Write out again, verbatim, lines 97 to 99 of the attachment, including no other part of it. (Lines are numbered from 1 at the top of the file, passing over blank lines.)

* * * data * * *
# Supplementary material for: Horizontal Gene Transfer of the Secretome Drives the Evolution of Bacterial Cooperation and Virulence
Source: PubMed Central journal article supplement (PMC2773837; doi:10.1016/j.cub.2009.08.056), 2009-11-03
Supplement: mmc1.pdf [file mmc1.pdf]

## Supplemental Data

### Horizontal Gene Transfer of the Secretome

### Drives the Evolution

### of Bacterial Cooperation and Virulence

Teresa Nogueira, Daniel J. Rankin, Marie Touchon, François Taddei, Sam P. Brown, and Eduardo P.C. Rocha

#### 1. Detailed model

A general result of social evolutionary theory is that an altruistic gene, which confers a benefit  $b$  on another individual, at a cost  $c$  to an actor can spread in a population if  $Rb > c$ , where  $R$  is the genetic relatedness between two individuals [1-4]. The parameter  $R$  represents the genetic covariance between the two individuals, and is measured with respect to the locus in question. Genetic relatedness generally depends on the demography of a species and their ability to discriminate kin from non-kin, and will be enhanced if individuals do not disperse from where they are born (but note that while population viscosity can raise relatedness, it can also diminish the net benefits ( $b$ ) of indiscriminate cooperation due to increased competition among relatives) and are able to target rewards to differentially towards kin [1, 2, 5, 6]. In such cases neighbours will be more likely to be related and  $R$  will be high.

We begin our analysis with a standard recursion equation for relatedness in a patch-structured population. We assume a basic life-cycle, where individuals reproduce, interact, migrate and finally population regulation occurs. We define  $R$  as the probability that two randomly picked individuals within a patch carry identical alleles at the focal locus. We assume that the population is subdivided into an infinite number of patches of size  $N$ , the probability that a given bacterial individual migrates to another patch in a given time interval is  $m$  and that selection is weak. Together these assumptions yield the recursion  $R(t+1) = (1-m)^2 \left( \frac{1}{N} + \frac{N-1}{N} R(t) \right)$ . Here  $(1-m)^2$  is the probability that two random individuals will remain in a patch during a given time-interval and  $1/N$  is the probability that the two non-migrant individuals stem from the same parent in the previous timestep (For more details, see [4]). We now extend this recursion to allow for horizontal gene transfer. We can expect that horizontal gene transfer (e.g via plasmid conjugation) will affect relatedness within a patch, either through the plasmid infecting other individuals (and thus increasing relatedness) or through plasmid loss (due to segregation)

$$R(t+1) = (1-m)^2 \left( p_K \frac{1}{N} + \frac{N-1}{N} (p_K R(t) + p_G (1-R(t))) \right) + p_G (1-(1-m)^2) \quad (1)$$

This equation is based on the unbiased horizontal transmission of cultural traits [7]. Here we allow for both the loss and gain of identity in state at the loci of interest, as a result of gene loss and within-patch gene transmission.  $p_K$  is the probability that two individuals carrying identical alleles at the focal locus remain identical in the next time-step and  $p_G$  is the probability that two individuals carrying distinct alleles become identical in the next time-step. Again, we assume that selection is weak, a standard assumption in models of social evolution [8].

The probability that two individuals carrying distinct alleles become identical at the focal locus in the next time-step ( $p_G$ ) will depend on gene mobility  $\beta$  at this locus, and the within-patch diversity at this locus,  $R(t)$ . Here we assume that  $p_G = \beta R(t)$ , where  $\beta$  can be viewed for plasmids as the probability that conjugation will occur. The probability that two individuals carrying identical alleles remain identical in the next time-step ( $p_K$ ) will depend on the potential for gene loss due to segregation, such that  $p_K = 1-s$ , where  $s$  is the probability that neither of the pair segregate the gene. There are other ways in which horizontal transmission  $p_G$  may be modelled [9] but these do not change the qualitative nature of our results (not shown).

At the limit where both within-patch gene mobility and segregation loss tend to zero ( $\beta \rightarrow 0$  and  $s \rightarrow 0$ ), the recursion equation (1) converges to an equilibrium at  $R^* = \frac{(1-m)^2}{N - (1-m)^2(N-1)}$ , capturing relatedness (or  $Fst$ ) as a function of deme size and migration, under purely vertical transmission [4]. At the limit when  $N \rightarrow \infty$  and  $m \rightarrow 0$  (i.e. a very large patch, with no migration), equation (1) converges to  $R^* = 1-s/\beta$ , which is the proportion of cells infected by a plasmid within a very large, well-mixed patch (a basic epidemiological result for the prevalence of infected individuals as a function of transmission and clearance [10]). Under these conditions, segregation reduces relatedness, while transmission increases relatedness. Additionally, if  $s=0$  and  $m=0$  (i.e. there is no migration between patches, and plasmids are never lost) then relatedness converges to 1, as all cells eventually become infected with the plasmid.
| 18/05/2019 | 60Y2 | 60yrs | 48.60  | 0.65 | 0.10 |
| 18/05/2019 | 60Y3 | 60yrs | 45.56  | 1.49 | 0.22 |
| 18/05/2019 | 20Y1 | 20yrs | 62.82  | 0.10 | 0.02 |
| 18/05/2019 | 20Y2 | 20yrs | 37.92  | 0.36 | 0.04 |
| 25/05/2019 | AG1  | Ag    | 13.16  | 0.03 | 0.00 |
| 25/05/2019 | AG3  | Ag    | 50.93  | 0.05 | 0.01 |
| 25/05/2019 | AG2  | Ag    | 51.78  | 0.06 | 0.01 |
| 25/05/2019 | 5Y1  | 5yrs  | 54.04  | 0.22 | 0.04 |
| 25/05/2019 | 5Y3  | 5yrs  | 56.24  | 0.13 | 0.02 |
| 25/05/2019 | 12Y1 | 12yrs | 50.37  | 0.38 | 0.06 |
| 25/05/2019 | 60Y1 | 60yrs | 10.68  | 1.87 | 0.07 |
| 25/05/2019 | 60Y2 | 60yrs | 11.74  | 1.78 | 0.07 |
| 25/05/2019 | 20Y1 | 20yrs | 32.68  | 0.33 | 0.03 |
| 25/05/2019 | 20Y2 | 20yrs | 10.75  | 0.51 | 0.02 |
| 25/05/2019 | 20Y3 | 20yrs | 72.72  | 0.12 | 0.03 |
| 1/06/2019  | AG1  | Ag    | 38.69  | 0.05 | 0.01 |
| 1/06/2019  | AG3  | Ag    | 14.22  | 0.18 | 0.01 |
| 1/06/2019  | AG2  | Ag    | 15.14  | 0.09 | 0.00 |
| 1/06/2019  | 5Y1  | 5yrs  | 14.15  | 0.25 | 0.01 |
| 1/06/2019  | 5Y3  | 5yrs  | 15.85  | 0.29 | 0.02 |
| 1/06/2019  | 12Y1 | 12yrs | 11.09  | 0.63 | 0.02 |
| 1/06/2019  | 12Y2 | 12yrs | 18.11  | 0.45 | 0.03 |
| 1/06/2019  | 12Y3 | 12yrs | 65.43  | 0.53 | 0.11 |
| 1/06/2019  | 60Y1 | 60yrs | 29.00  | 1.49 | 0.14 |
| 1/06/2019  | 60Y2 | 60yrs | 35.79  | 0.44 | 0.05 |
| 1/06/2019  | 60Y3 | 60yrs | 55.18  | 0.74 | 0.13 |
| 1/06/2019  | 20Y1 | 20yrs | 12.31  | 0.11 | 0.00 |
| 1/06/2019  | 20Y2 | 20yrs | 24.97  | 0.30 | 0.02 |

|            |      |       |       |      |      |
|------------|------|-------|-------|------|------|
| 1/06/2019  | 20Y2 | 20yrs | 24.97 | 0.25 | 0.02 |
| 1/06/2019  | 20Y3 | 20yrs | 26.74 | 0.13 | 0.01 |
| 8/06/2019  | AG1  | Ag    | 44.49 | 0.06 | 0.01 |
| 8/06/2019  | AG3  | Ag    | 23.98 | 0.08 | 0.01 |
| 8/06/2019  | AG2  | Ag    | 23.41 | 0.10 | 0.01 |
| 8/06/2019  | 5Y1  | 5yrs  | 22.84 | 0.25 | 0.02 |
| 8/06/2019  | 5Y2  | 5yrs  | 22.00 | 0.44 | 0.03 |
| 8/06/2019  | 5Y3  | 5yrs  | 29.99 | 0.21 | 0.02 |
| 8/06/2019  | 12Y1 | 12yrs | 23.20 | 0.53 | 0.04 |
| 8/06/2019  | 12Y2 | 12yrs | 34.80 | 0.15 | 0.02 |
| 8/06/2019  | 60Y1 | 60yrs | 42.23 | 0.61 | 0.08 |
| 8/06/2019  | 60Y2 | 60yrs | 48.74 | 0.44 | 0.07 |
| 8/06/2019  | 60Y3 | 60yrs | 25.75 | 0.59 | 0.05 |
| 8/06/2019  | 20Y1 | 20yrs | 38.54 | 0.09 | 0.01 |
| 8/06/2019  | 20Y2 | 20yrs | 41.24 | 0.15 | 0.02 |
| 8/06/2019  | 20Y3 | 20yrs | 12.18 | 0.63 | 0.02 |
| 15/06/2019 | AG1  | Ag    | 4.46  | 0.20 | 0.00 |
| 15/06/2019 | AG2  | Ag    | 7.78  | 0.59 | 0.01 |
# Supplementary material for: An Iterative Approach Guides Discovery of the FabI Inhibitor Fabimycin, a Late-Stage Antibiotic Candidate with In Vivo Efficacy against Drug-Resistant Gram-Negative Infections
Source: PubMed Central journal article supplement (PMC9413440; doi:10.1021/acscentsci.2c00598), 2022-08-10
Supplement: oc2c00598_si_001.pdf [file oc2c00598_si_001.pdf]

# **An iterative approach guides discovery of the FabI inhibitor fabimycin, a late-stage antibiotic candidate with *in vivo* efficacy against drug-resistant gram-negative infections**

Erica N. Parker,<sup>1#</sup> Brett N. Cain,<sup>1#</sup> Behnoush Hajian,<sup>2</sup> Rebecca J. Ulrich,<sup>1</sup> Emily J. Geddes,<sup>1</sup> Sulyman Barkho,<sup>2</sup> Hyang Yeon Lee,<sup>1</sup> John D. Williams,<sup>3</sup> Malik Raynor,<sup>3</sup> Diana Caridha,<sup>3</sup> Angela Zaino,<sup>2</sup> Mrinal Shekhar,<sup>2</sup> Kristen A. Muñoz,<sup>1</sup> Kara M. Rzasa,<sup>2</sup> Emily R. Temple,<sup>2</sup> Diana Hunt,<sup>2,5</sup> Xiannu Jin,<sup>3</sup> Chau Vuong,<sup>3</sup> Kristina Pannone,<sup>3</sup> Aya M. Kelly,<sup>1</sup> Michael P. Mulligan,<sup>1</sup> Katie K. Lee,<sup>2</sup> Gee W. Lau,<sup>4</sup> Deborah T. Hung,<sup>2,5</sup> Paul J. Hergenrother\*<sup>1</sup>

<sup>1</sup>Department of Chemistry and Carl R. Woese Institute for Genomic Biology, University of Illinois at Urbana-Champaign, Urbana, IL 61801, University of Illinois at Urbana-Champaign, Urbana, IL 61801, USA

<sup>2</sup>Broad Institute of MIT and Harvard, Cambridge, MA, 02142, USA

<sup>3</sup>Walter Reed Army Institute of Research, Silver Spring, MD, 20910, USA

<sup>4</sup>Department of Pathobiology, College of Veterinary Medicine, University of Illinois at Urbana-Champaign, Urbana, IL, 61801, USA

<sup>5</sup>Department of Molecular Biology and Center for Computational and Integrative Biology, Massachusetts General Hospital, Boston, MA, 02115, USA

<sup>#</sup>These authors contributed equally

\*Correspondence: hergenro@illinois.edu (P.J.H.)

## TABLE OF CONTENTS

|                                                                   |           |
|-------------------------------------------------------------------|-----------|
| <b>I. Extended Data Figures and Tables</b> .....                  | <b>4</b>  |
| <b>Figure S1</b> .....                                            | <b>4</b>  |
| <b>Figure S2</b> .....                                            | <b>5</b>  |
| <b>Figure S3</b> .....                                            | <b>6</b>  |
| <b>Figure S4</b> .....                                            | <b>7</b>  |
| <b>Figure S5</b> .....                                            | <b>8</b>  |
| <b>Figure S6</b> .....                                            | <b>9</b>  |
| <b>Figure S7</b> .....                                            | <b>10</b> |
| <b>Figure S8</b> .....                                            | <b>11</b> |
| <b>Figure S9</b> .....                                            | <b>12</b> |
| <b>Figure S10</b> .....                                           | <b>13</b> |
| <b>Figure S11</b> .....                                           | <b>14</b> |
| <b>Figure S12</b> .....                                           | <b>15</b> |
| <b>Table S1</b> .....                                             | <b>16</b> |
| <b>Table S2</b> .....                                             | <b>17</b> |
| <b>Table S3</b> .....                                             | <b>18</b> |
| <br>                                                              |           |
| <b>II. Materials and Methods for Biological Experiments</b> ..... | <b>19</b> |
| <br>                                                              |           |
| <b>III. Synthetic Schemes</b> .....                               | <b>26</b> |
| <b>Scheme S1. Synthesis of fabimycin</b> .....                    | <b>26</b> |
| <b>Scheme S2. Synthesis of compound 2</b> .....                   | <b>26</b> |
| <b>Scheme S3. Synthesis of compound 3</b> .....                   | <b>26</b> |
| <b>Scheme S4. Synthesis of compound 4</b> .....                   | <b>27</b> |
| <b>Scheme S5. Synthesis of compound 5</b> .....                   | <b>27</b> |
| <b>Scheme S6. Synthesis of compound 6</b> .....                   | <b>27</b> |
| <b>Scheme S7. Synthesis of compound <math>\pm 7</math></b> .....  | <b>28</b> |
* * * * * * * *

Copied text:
| <br>                                                              |           |
| <b>III. Synthetic Schemes</b> .....                               | <b>26</b> |
| <b>Scheme S1. Synthesis of fabimycin</b> .....                    | <b>26</b> |